Video games are the storytelling media of the future. They allow for a depth and nuance that no other medium can provide. Watching a movie, you can only see what’s happening to the characters. You see their emotions, hear their conversations (sometimes, even their thoughts); but your immersion ends there. You never truly become the character.

With a video game, however, you become the character. You are inserted into a whole new world and your actions matter. You not only see what’s happening to the character, you are the character. You feel the emotions, take part in the conversations.

And based on what we talked, that’s what Lateef Martin and his gaming studio Miscellaneum have in mind with their extremely cool-sounding cyclepunk tactical-RPG (role-playing game) Z’Isle.

There are a lot of things to unpack just from that last sentence, but don’t worry, we’ll get there.

In the world of Z’Isle, Something Really Bad™ has happened. I don’t know what it is yet, because the game isn’t out yet. And I didn’t ask, because I don’t like spoilers. All we know is that these undead creatures known as Feeders have taken over the world and we have to survive.

How do we survive? Well, you have to salvage for resources. The game takes place in Montreal (!!!) and in Lateef’s words “We’re not a city with a lot of guns.” So when the Feeder apocalypse starts, they blow up the bridges (not that they needed to use explosives to destroy Montreal’s awful infrastructure), and eventually run out of bullets.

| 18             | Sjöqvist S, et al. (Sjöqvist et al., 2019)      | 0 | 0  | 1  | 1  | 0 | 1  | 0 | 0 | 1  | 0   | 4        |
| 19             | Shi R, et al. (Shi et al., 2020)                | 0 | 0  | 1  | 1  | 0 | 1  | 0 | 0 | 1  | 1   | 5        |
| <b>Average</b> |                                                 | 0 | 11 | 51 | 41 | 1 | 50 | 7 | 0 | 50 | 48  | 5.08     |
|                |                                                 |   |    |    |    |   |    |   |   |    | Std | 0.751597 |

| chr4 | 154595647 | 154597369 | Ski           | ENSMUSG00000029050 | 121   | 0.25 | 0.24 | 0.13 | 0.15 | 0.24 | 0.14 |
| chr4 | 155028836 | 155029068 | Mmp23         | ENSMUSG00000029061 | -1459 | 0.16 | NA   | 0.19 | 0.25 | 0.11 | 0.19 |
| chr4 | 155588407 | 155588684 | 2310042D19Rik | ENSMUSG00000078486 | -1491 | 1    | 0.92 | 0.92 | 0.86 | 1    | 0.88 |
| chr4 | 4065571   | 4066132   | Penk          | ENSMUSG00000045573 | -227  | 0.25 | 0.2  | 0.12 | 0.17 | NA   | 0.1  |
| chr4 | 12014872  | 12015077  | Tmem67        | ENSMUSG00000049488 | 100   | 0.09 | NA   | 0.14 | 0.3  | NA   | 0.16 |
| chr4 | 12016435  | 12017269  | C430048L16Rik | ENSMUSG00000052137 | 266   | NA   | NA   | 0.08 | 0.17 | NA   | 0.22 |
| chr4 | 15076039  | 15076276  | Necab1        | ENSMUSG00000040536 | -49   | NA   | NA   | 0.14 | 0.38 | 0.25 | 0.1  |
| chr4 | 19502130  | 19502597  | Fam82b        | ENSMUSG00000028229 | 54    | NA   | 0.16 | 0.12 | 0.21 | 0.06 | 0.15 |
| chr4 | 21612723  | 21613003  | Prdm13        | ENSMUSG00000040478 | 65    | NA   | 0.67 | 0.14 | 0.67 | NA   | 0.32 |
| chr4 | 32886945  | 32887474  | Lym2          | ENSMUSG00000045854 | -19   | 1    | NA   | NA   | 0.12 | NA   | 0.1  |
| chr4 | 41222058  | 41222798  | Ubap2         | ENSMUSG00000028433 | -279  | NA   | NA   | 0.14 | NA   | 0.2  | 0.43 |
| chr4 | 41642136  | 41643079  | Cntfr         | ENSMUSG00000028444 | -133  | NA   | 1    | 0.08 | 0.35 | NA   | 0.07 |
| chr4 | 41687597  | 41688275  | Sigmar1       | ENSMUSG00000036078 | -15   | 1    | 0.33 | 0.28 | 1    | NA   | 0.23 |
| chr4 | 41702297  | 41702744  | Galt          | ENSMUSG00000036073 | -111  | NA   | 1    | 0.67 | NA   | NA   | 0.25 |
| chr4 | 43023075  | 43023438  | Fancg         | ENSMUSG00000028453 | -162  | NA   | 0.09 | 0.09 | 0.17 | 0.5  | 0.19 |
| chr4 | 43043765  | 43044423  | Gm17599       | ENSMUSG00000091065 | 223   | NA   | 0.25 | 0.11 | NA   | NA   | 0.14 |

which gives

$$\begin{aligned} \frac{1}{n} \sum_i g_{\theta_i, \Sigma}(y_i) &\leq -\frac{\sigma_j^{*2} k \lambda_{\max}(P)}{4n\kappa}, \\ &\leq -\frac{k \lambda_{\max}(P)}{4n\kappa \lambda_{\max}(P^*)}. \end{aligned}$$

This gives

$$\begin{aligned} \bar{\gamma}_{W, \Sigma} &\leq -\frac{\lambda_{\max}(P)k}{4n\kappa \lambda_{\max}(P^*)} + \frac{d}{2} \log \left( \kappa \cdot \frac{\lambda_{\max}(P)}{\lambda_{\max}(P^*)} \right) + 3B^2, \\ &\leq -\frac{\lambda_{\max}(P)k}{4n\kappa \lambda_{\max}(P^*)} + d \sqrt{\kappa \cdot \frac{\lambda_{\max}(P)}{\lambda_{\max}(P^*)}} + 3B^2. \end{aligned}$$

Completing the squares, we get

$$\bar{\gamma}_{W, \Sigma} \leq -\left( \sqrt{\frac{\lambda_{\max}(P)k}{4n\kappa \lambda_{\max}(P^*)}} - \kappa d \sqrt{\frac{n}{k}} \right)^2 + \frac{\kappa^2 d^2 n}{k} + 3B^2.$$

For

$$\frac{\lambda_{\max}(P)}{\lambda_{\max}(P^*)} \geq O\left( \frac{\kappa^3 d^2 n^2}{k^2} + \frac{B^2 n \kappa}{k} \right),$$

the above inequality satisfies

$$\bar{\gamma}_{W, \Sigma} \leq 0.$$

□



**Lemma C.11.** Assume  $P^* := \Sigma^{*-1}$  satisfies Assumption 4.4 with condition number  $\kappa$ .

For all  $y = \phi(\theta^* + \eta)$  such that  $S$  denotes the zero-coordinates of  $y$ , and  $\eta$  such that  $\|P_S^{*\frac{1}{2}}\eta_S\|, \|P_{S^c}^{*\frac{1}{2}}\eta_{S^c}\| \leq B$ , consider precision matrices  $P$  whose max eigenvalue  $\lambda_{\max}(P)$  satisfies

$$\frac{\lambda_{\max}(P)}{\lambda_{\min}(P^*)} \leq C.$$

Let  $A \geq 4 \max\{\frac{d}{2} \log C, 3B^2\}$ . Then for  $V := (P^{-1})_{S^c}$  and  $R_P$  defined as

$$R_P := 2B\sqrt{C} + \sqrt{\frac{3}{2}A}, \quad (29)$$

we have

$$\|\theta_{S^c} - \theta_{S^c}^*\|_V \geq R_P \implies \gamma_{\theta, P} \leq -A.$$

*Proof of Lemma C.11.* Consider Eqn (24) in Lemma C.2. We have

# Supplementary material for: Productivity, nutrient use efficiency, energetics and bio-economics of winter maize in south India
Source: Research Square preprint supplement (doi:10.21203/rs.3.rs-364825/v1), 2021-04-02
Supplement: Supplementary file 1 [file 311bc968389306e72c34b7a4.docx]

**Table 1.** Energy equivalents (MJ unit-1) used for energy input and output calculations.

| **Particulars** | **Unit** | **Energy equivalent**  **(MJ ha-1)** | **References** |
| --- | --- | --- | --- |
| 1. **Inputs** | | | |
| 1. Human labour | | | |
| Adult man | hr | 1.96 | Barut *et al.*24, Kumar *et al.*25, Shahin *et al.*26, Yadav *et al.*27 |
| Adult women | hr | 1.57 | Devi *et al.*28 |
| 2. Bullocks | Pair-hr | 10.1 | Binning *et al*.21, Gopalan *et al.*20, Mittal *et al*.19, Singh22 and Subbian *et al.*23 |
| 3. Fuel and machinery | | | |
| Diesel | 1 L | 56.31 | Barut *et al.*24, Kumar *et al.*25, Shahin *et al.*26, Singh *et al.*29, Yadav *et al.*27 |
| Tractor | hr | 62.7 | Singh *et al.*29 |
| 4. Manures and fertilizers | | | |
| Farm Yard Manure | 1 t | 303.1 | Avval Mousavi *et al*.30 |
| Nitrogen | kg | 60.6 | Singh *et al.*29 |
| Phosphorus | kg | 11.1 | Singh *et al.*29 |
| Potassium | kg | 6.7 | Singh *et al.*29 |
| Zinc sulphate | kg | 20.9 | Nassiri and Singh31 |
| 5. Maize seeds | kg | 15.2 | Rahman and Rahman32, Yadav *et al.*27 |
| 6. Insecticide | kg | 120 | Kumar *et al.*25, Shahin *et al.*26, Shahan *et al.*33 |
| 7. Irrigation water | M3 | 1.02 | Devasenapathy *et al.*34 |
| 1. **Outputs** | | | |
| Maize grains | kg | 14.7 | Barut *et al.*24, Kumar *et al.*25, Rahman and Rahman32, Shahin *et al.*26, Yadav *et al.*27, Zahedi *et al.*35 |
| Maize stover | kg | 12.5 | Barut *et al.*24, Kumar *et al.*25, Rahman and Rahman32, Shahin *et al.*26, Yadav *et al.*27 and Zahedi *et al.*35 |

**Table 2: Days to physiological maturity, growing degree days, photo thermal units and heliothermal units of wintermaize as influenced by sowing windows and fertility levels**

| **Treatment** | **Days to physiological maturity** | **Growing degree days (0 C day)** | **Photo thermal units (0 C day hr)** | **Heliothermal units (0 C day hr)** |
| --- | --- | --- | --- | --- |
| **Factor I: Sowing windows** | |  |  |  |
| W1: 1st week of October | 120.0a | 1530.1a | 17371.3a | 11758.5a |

“But bikes are everywhere and they are the most readily available resource for weapons and tools,” Lateef revealed to me.

If you’re a Montrealer, this makes perfect sense. Bikes are LITERALLY everywhere in this city. If people are not riding them, then they are rotting on the sidewalks. Corpses of bikes litter every corner of the city, locked to fences and light posts.

And that’s what cyclepunk means. “We might be familiar with the term steampunk, where technology is based on steam, and cyberpunk, [which is more futuristic. […] Cyclepunk – technology is based on bikes. Everything is bike based.”

Survive the Feeder hordes and stay human

So Z’Isle is going to be a game where you try to “fight the Feeder hordes” using bike-based weapons. Survival is going to be a huge element in the game. In that sense, Lateef says that the game was inspired by This War of Mine, which is a survival game that takes place in war-torn Sarajevo.

“It’s not so much about running around being a soldier, it’s more about you being a civilian trying to survive this horrible, horrible world that you have to deal with,” Lateef says.

This also is going to allow the game to focus more on the human element. “The best zombie stories are about the human experience – are about the people. The zombies are white noise. They could easily be a virus, vampires, pancakes with batwings. It really doesn’t matter what the threat is.”

Creating yourself within the game

One thing that I’m particularly excited about is the character creation aspect of the game. Most of your big-time AAA RPGs have that element. In the Dragon Age series for instance (particularly Inquisition, the latest addition), you can spend hours creating a digital version of yourself.